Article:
“We’re seeing that these new drugs also benefit patients with kidney cancer, pancreatic cancer, lung cancer, and others that many people had not thought would respond to immunotherapy,” says Dr. Lichtenfeld.

Studies also show that tumors may respond differently to immunotherapy than to other types of cancer treatment. For example, tumors may first seem to get larger and what look like new tumors may appear. With chemotherapy these would be signs that treatment is not working. But with immunotherapy “we may see more of a delayed response,” says Lynn Schuchter, MD, chief of hematology-oncology at the University of Pennsylvania’s Abramson Cancer Center in Philadelphia.

Tumors may look larger not because they’re growing, Dr. Schuchter explains, but because they’re being “surrounded” by millions of activated immune cells. Recognizing that the standard way of assessing a cancer treatment’s effectiveness is ill suited to immunotherapy drugs, doctors have developed unique “immune-related response criteria” for measuring how well these drugs work.5

Cancer Vaccines

Vaccines are another approach to cancer immunotherapy. Unlike conventional vaccines that are used to prevent disease, cancer vaccines are often used in treatment. In 2010 Provenge (sipuleucel-T), a treatment for advanced prostate cancer, became the first (and so far only) cancer vaccine to win FDA approval. Treatment with Provenge is customized for each patient by first extracting white blood cells, exposing them to the vaccine in a lab, and reinjecting them into the patient to stimulate an immune response. Numerous other cancer vaccines are being tested in clinical trials.

Promise in the Pipeline

As new insights into the mechanisms of the immune system are translated into innovative therapies that take advantage of the body’s inherent ability to protect itself, patients with cancer, autoimmune or gastrointestinal diseases, and other serious illnesses have reason to hope that immunotherapy lives up to its promise.


Patient Story: Advanced Melanoma

Right Around Christmas 2011, Thèrése Bocklage noticed a lump on her right leg. It wasn’t sore or bruised, but when it was still there a month later, she asked a colleague in the pathology lab where she works to take a look at it.

The news was devastating: melanoma, the most serious form of skin cancer, had already spread to her lungs and to lymph nodes in her abdomen and was inoperable. It was a rare recurrence of a very early-stage melanoma that had been surgically removed 20 years before.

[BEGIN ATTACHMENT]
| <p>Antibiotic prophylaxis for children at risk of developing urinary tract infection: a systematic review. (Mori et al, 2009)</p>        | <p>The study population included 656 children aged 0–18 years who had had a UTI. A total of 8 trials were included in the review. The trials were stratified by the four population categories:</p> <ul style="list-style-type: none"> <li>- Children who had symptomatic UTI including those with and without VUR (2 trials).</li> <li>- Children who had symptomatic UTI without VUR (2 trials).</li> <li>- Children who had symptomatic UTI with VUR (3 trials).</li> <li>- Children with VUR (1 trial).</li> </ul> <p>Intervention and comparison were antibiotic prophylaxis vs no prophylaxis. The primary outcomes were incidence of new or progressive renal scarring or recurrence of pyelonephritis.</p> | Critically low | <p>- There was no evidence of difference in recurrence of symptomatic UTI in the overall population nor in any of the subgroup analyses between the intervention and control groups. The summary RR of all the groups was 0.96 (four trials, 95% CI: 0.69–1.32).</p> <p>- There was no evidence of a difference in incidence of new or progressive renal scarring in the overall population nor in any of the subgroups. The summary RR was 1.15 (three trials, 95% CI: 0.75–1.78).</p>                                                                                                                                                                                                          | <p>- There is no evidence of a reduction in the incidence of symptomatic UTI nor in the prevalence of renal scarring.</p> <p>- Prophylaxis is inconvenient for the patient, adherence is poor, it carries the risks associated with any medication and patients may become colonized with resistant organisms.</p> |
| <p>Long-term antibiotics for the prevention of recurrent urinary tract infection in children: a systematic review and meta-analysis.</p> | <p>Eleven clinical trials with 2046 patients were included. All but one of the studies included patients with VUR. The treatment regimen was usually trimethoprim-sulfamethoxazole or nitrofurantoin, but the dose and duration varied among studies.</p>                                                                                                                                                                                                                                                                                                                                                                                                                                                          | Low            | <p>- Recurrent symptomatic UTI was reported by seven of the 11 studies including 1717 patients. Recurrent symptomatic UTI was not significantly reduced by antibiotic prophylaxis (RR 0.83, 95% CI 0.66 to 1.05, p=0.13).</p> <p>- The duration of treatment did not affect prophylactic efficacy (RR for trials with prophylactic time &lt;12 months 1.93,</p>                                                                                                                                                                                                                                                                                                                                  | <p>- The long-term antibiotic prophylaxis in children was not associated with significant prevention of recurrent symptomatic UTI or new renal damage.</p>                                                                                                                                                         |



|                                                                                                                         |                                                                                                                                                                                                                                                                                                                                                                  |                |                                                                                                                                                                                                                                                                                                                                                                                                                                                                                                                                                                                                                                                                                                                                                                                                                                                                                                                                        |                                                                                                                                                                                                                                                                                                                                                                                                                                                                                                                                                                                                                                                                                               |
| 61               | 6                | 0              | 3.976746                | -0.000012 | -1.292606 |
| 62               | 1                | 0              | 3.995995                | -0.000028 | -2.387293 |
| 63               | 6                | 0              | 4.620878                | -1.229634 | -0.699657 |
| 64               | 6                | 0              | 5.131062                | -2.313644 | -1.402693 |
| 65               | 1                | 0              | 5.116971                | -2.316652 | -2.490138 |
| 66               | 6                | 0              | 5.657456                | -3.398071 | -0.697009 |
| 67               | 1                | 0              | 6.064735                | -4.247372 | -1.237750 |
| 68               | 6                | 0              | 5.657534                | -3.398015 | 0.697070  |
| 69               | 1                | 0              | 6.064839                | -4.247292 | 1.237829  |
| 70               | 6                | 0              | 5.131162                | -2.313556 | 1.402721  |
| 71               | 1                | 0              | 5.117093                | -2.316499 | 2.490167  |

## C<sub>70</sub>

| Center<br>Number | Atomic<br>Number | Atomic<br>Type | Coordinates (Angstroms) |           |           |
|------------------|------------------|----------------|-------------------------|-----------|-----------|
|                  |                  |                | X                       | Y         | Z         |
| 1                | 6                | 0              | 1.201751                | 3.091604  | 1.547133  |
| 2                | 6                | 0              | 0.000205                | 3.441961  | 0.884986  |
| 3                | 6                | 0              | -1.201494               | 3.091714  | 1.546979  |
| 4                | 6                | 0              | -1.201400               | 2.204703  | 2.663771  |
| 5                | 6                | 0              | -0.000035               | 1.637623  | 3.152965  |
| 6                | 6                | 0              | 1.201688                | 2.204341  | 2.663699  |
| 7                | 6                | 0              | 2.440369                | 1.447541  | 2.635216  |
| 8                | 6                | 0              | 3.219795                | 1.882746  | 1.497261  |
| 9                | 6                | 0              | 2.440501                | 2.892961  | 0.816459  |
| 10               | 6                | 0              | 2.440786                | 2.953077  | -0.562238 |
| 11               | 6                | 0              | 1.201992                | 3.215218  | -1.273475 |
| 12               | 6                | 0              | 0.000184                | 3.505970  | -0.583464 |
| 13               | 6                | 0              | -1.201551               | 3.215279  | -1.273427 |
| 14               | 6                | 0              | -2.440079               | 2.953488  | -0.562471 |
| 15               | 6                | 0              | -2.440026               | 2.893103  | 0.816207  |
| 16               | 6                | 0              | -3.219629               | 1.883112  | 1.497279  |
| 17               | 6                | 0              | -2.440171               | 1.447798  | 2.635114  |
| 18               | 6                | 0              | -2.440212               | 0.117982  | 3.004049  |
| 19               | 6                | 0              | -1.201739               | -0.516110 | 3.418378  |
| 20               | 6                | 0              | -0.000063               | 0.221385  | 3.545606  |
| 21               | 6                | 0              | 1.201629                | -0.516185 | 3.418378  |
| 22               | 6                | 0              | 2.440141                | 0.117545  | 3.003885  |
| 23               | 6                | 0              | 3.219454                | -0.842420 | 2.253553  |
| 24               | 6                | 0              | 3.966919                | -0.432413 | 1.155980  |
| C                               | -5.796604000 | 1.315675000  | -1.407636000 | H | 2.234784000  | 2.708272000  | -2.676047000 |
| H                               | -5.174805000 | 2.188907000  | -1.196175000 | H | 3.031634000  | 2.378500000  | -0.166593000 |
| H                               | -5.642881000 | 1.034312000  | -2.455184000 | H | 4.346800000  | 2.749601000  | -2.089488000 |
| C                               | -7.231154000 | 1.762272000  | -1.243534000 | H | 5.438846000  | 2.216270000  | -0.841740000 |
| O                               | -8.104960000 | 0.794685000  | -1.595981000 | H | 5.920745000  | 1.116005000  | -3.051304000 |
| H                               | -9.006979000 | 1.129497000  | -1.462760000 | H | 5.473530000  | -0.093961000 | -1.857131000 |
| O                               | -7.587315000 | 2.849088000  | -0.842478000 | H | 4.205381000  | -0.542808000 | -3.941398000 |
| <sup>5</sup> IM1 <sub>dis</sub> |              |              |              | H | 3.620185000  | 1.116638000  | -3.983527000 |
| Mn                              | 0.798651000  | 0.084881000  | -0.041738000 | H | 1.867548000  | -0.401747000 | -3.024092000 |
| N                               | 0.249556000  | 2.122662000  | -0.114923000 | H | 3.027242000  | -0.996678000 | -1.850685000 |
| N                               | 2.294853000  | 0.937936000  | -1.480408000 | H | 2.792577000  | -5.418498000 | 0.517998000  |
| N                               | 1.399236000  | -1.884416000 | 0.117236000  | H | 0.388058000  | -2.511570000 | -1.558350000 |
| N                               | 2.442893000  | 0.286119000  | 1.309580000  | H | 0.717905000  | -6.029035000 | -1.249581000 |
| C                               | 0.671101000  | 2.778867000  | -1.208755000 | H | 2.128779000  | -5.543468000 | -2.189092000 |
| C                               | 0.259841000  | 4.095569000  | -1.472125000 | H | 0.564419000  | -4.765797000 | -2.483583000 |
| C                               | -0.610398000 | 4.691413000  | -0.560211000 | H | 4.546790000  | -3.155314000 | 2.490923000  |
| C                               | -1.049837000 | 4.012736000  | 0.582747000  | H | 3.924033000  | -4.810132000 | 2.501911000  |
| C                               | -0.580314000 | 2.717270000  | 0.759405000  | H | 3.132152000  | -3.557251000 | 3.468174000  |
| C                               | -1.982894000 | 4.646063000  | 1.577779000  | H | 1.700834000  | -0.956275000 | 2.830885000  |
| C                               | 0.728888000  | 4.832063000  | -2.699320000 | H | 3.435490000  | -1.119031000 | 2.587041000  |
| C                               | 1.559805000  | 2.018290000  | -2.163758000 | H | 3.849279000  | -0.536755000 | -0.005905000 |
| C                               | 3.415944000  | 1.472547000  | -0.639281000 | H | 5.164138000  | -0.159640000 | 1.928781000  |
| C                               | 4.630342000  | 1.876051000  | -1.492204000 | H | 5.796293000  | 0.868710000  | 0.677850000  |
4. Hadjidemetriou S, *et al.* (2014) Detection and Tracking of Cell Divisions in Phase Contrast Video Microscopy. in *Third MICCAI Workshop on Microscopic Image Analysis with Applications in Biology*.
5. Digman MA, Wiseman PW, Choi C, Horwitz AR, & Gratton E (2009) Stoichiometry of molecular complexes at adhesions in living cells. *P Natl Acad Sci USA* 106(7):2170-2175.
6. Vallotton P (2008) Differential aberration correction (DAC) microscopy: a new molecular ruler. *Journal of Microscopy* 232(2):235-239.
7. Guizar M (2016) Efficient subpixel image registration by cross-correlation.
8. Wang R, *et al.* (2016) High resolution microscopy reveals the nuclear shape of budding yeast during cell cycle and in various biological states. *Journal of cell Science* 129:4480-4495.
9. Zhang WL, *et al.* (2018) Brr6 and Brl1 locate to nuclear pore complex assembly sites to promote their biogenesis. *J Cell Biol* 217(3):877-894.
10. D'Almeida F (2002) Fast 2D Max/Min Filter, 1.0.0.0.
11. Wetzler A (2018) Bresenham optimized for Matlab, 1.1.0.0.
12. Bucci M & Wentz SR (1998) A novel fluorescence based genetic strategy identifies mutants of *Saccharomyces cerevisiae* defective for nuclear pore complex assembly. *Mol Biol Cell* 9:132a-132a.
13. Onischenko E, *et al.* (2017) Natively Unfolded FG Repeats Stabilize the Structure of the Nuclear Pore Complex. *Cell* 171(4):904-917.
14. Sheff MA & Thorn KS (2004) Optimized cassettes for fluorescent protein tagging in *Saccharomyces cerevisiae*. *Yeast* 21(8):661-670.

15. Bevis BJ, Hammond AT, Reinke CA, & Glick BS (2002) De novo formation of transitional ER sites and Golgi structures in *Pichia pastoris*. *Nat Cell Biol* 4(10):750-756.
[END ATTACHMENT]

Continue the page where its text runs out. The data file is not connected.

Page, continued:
As a pathologist, Thèrése understood all too well that her outlook was dire. She immediately began researching clinical trials of experimental treatments for advanced melanoma. Because she has a sister living in Los Angeles, she decided to look into trials at the UCLA Jonsson Comprehensive Cancer Center.

One trial stood out—that of a novel immunotherapy drug known at the time as MK-3475 (now called Keytruda [pembrolizumab]). It targets a protein on T-cells (the “detectives” of the immune system) that acts as a brake on the body’s immune response. Inactivating that brake enables the immune system to unleash millions of T-cells to attack the melanoma.

By February 2012, Thèrése had enrolled in the MK-3475 trial. She stayed with her sister for three months. After that she flew to Los Angeles from her home in Albuquerque, New Mexico, every other week to receive a 30-minute infusion of the drug. She found that chronic fatigue was the drug’s primary side effect.

The plan for the trial was that patients should be treated for up to two years. In July, five months after she began treat?ment, a CT (computed tomography) scan found no trace of tumors in Thèrése’s body. On a biopsy, “you could see swarms of activated T-cells,” she says. She continued receiving treatment until December 2013.

Now 54, Thèrése says she feels “really healthy.” Chronic fatigue gone, she works “60 to 80 hours a week” as a professor of pathology and the director of a tumor specimen bank at the University of New Mexico Health Sciences Center. In her free time, she enjoys hiking in the Sandia Mountains near Albuquerque.

“I feel I’ve been given extra time. It feels miraculous,” she says, although she knows that many years of research went into developing the drug. She is also acutely aware that “what worked for me doesn’t work for everyone.”

For others facing a similar diagnosis, Thèrése has this advice: “Don’t give up hope. Ask about other treatment options, including clinical trials. If at all possible, get a consultation at a major cancer center.”